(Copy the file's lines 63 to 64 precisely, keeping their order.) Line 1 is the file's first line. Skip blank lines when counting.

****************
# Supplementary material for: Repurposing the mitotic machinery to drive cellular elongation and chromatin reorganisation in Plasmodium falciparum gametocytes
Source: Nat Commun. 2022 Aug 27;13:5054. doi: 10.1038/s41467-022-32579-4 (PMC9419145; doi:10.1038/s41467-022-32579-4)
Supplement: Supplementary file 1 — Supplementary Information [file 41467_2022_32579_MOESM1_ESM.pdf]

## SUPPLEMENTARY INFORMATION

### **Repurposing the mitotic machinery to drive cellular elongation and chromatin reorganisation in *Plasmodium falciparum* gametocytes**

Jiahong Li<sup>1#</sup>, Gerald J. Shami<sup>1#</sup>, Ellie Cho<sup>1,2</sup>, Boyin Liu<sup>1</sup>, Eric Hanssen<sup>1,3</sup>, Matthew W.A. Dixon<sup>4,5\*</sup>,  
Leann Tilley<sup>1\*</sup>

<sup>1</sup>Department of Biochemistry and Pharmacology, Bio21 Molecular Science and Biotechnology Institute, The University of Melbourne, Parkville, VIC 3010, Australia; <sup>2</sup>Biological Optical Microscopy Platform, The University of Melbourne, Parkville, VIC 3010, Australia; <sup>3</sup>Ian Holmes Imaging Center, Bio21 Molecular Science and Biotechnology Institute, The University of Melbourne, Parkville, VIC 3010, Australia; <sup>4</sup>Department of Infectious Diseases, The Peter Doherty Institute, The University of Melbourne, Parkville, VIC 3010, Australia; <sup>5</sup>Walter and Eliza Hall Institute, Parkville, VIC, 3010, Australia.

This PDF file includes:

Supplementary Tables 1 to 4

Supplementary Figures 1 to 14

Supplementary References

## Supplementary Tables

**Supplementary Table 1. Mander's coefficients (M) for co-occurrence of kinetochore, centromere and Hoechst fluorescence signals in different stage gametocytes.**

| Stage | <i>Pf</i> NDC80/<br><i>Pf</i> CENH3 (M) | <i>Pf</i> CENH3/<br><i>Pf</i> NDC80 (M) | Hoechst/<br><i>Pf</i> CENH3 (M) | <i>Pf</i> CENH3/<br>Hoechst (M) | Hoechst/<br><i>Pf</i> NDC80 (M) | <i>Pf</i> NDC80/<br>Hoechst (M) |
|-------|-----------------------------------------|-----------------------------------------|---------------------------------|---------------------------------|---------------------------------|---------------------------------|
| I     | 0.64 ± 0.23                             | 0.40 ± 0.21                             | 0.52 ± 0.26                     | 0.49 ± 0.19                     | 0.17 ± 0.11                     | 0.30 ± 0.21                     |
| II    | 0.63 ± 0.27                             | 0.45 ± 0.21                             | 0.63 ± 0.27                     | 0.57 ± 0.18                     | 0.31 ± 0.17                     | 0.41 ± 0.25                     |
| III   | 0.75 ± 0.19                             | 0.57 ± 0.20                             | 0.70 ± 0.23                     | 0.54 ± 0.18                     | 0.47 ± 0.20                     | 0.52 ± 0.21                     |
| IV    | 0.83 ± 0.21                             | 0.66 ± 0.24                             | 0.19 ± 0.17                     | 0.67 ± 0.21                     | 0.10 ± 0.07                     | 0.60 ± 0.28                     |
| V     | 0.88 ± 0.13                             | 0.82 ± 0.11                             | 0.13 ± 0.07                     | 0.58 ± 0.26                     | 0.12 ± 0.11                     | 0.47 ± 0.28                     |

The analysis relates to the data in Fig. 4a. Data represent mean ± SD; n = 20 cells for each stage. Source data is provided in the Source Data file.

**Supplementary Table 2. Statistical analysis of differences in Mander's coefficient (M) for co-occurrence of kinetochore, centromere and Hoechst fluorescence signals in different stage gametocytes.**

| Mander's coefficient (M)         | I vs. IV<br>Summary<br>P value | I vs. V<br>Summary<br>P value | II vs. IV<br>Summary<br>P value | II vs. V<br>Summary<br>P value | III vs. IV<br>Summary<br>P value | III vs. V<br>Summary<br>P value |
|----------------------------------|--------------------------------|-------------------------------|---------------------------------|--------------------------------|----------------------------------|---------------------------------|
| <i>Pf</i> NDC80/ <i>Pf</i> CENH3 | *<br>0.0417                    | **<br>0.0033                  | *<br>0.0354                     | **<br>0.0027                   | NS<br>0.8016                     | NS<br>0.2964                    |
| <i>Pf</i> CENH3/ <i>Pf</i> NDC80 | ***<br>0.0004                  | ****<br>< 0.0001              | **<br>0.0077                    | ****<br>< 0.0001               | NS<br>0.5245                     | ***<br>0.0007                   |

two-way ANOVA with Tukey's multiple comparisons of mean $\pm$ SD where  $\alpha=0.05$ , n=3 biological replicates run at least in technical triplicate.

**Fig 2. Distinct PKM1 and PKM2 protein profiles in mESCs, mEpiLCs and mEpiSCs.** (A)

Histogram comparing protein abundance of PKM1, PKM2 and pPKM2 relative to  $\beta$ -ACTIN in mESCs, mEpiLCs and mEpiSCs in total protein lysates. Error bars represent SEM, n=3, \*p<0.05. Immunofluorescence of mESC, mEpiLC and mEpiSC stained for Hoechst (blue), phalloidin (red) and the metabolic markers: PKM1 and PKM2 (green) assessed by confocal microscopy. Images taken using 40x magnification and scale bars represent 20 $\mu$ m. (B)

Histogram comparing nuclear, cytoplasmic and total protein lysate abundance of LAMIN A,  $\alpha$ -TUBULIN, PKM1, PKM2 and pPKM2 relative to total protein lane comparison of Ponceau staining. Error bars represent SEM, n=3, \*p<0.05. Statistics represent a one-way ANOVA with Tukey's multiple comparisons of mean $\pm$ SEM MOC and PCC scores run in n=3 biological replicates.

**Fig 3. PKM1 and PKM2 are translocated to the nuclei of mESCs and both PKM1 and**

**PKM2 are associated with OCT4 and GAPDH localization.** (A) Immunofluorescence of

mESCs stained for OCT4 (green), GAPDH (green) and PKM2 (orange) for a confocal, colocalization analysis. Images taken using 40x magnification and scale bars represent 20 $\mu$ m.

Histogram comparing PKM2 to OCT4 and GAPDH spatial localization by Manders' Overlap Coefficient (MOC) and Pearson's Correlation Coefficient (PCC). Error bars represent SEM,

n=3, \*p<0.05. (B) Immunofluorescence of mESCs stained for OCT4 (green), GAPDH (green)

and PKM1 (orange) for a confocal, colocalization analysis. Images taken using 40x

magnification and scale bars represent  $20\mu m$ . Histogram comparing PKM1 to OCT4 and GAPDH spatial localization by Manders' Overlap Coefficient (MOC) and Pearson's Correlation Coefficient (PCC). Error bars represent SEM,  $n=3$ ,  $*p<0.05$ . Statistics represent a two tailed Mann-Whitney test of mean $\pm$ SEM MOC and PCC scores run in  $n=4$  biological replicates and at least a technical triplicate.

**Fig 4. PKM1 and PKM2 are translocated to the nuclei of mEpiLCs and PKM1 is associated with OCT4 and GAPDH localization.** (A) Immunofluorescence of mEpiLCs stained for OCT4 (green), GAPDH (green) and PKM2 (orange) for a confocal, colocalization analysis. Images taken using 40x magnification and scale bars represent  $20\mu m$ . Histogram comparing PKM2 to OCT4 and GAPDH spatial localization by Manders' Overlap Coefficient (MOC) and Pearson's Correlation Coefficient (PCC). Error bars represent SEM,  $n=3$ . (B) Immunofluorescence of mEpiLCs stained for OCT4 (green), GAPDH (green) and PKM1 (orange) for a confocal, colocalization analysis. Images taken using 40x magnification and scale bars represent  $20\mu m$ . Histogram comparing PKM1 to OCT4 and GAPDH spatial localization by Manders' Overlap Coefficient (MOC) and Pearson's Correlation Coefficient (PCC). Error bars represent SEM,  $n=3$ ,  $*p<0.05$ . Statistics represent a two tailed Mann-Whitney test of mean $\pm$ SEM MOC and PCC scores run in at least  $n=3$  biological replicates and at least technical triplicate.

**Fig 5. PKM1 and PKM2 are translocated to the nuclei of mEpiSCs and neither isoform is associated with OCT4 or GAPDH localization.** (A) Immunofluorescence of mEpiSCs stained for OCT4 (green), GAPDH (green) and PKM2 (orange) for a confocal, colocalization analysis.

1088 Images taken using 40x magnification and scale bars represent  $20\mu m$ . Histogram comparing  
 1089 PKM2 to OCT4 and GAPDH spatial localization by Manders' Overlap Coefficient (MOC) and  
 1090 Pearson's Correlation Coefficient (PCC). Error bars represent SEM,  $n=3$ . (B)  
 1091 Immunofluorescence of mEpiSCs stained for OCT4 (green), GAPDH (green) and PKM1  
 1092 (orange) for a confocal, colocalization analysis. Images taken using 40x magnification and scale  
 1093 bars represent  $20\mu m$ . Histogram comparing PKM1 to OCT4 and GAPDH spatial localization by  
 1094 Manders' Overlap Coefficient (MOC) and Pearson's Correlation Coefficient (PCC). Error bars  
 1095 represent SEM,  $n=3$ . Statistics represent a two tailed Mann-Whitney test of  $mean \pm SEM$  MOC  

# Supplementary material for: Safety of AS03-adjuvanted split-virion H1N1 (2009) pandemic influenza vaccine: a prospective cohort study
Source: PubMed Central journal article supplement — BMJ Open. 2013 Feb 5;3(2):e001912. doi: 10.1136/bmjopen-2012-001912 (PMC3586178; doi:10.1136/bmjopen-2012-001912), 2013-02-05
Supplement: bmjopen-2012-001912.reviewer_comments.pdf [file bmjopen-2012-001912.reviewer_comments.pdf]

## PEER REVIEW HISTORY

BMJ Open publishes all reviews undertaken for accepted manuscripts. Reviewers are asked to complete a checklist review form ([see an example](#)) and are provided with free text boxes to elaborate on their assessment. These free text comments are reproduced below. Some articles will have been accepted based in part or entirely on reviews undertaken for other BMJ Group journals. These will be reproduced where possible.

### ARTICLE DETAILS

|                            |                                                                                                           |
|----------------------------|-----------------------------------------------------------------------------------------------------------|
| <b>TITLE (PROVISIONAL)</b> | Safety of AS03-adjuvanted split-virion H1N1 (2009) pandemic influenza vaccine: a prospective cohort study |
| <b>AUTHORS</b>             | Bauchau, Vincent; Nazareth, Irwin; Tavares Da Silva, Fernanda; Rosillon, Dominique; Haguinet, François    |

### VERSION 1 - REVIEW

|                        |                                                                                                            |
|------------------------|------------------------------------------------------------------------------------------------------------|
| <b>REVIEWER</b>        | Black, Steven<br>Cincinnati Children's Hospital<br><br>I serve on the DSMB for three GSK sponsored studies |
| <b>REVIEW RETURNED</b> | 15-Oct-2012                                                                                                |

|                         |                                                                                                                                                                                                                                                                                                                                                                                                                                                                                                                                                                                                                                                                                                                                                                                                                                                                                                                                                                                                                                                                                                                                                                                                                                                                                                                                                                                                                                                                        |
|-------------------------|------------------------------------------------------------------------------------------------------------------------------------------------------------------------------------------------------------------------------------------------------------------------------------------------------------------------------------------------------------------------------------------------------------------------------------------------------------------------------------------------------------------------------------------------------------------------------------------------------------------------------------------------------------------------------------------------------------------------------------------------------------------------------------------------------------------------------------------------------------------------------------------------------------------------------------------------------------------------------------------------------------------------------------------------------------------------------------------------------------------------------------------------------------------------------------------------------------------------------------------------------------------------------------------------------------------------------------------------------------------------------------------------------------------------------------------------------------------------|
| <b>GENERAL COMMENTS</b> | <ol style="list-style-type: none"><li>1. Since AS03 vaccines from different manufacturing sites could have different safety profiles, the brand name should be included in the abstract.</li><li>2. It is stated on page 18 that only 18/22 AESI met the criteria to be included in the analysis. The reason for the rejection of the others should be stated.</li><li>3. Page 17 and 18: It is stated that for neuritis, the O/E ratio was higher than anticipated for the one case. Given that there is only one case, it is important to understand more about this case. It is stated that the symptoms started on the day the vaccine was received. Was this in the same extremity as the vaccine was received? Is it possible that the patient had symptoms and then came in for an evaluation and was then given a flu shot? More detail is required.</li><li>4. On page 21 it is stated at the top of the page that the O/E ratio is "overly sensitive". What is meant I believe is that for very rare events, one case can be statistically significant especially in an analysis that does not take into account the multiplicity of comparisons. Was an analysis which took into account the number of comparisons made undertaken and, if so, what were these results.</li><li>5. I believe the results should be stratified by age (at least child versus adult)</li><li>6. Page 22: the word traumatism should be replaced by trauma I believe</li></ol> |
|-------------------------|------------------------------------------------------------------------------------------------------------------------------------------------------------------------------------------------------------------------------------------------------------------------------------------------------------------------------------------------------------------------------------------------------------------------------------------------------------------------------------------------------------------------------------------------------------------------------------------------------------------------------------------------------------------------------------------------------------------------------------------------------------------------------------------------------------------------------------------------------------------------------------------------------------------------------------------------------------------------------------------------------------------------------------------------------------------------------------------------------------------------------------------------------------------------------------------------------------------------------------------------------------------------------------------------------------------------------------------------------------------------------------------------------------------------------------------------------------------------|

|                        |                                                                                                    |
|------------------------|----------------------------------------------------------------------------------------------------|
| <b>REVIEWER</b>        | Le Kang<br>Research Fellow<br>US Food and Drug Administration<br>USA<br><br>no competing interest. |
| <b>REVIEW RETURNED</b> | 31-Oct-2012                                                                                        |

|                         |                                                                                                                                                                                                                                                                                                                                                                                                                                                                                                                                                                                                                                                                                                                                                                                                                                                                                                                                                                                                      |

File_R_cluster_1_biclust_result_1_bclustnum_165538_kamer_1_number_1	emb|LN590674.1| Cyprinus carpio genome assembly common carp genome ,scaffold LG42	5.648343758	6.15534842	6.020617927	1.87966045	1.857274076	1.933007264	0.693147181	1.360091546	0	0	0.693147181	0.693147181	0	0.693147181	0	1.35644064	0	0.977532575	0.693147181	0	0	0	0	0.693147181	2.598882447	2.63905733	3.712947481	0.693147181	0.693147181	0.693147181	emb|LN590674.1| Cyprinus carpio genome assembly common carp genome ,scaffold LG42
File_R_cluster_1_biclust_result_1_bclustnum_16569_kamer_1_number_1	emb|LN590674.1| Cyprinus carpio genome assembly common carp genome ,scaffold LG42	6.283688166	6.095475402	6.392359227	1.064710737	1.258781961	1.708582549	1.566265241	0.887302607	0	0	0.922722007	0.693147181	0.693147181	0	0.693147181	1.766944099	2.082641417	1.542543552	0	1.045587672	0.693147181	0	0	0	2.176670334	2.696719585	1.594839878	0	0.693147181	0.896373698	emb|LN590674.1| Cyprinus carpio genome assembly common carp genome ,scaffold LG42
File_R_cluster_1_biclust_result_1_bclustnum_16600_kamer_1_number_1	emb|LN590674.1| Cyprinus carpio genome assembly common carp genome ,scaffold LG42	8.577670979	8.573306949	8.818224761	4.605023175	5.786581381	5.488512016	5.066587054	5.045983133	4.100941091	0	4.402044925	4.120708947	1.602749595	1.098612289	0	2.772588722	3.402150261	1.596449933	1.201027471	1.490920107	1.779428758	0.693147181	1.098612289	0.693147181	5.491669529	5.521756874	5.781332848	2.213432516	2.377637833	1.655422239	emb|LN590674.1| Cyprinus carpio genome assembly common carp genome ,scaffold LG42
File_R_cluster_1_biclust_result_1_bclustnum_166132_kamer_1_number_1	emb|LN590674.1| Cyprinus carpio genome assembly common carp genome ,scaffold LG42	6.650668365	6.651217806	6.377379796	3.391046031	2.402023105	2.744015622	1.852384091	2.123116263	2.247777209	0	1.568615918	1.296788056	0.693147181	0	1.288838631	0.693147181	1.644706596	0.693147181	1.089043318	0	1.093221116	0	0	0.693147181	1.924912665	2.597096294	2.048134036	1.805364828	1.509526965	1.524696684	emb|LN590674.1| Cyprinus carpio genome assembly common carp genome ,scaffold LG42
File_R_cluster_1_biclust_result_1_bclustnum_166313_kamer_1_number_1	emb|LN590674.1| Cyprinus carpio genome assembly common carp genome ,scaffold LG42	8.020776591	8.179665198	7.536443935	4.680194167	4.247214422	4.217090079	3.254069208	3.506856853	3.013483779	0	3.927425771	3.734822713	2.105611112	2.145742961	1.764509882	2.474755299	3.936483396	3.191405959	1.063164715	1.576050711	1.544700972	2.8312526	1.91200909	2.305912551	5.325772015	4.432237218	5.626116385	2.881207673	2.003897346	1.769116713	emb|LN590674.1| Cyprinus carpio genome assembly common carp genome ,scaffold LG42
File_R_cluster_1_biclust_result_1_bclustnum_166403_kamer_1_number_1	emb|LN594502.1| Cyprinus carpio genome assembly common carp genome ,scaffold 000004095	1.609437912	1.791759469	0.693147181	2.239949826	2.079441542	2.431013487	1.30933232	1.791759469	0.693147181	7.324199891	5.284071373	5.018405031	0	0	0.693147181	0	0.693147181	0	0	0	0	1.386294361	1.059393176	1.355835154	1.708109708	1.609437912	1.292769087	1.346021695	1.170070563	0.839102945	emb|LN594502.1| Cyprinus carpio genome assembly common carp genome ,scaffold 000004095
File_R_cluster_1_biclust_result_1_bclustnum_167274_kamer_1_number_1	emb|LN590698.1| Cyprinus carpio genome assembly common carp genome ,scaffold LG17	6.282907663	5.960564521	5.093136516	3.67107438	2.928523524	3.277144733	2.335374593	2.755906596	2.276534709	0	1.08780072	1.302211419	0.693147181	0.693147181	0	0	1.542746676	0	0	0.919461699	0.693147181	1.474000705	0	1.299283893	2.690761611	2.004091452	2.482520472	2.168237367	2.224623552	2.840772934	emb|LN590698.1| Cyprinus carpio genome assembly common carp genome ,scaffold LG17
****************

| <b>REVIEW RETURNED</b> | 15-Oct-2012                                                                                                |

|                         |                                                                                                                                                                                                                                                                                                                                                                                                                                                                                                                                                                                                                                                                                                                                                                                                                                                                                                                                                                                                                                                                                                                                                                                                                                                                                                                                                                                                                                                                        |